- At a meeting of the Geological Association of Germany, at Frankfurt am Main, Alfred Wegener first presented the theory of continental drift, reading his paper, Die Herausbildung der Grossformen der Erdinde (Kontinente und Ozeane) auf geophysikalischer Grundlage ("The geophysical basis of the evolution of large-scale features of the earth's crust").
- Born: Danny Thomas, American comedian, television actor, and founder of St. Jude Children's Research Hospital; as Amos Kairouz in Deerfield, Michigan (d. 1991); Frederick Manfred, American novelist of Westerns, as Frederick Feike Feikema VII near Doon, Iowa (d. 1994) Jacques Ellul, French philosopher, in Bordeaux (d. 1994);
- W. Morgan Shuster resigned as Treasurer-General of Persia, bringing to an end the war with Russia. In return for his resignation, the Russians guaranteed safe passage through occupied territory for Shuster and his family. He left Tehran on January 11 by automobile, and departed the country on the Russian steamer Teheran on January 14, returning to the United States by way of Russia.
- Italo-Turkish War: Seven Turkish gunboats were sunk by three Italian warships (the cruiser Piemonte and the destroyers Garibaldi and Artigliere in a battle in the Red Sea outside of Kunfida (now Al Qunfudhah in Saudi Arabia).
- Born: Charles Addams, American cartoonist of the macabre, whose recurring characters were adapted to television in The Addams Family; in Westfield, New Jersey (d. 1988); Giorgio Caproni, Italian poet, in Livorno (d. 1990) and Ivan Yakubovsky, Marshal of the Soviet Union, Warsaw Pact commander (1967–76), in Zaitsava, the Russian Empire (now Horki Raion, Belarus) (d. 1976)
- Died: Sophia Jex-Blake, 71, British female physician and activist for women's suffrage
- The African National Congress was founded as the South African Native National Congress in a four-day meeting at Bloemfontein. African lawyer Pixley ka Isaka Seme wrote letters to the leaders of South Africa's various tribes and organized the meeting, giving the opening address to 60 delegates. Reverend John Langalibalele Dube, who published the Zulu language newspaper Ilange Lasa Natal, was elected as the organization's first President, with Solomon Plaatje as secretary and Seme as treasurer. The ANC adopted its present name in 1923.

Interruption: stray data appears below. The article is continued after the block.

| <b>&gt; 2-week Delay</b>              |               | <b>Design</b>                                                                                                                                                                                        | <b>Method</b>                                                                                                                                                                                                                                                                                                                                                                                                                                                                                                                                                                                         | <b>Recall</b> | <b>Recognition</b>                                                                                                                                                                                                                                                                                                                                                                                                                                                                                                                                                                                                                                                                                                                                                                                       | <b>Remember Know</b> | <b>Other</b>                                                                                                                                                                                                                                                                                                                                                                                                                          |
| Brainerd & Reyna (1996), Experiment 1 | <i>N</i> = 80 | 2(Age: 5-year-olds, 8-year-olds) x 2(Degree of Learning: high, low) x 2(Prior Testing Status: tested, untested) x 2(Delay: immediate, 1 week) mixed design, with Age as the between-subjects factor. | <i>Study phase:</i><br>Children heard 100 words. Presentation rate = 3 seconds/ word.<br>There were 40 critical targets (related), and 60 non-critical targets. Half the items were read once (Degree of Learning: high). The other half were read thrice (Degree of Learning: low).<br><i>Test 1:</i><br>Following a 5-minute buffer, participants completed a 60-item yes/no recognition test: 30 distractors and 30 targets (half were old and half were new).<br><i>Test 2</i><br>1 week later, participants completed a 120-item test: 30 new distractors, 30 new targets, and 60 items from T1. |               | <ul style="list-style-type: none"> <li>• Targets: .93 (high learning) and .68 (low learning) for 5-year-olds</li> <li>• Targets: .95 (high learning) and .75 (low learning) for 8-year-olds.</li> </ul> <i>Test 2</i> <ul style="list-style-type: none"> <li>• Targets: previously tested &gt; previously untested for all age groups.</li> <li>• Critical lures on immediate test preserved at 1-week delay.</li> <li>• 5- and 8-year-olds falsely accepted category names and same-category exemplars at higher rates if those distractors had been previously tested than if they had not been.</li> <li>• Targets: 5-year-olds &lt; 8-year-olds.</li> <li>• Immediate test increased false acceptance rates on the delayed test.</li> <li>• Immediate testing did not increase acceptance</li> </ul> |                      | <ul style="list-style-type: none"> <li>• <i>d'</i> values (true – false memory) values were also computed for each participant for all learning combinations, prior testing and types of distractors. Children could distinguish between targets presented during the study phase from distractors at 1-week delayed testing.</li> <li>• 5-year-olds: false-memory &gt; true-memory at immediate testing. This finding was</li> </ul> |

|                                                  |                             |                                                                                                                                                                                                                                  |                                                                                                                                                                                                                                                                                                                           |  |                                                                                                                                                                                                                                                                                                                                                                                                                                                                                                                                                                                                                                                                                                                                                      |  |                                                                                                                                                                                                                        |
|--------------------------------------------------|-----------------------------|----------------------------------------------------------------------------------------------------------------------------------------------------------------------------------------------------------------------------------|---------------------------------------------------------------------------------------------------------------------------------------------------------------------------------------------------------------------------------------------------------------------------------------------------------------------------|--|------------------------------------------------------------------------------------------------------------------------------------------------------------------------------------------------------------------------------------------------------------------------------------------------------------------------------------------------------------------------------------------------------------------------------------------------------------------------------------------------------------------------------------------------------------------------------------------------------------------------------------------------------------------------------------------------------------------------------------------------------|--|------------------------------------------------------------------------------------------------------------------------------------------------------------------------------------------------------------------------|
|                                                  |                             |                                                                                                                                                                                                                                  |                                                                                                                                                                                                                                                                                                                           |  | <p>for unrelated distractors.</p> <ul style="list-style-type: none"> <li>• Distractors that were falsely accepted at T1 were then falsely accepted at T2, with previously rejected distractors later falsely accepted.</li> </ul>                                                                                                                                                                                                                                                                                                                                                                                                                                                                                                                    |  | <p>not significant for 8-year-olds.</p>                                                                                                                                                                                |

- George V, Emperor of India in addition to being King of the United Kingdom of Great Britain and Ireland and of the British Dominions beyond the Seas, departed his Empire after a triumphant visit of more than one month, setting sail from Calcutta (now Kolkata) along with Queen Mary and his entourage.
- The U.S. Monetary Commission presented its plan to Congress to establish what would become the Federal Reserve System, filing a report and the bill written by Nelson Aldrich.
- Born: José Ferrer, American film actor and director, in Santurce, Puerto Rico (d. 1992); and Lawrence Walsh, U.S. federal prosecutor who investigated the Iran-Contra affair, in Port Maitland, Nova Scotia, Canada (still alive)
- The 130 foot tall Equitable Building, New York City's first skyscraper, was destroyed by a fast moving fire. The blaze had started at 5:00 in the morning, so the loss of life was low, but the offices of three of the nation's largest financial institutions- Equitable Life, Mercantile Safe Deposit, and many law firms—were destroyed. Fireproof vaults protected several billion dollars of securities, stocks and bonds from destruction.
- The Democratic National Committee announced that its presidential nominating convention would be held in Baltimore on June 25.
January 10, 1912 (Wednesday)
- HMS Africa served as the first British aircraft carrier, as Charles Rumney Samson flew a Short S.38 biplane from the ship, anchored at Sheerness.
- The official results of the 1911 French census were released, showing 39,601,509 residents, and increase of 349,264 from the 1906 census of 39,252,245.
- Died: Thomas Hardy, 81, Australian vintner
January 11, 1912 (Thursday)
- France's Prime Minister Joseph Caillaux and his cabinet were forced to resign, two days after the French Senate concluded that he had secretly negotiated the give-away of French territory without the President's knowledge in working out a treaty with Germany. The Foreign Minister, Justin de Selves, declined to deny the accusations against Caillaux.
- The Russian steamer Russ, on its way across the Black Sea from Galați to Odessa, sank in the Black Sea with 172 people on board. Among the casualties were the new Consul General, Carl Anseff, and his family.
- Lawrence textile strike: Receiving their paychecks a day before the rest of the employees at the Everett Mills Company in Lawrence, Massachusetts, mostly Polish-speaking women employed as weavers found that the company had cut their pay (already low, ranging from 9½ cents to 20 cents per hour) after a new state law had gone into effect limiting the work week to 54 hours. The women immediately walked off the job. The next day, the strike would spread to the other companies in the city.
January 12, 1912 (Friday)
- Lawrence textile strike: A day after the first group of textile workers in Lawrence received smaller paychecks, other employees at the Everett Mills got their reduced pay, and walked off the job. Employees at the other companies—American Woolen, Arlington Mills and Pacific Mills—followed suit. Men, women and children from 25 different nationalities defied attempts to break up the strike, holding out for nine weeks until March 13, when American Woolen agreed to the strikers' demands, raising wages by 5 to 25%, and giving 25% extra for overtime.
- German federal election, 1912: In the first round of the German parliamentary election, with 208 seats in the Reichstag at stake, Socialists won 64 of the seats, increasing their margin by 26, while the government coalition lost 29. The second round was set for January 23, with 121 seats to be filled.
- Beauregard Parish, Louisiana, with its county seat at DeRiddger, was created after being separated from Calcasieu Parish.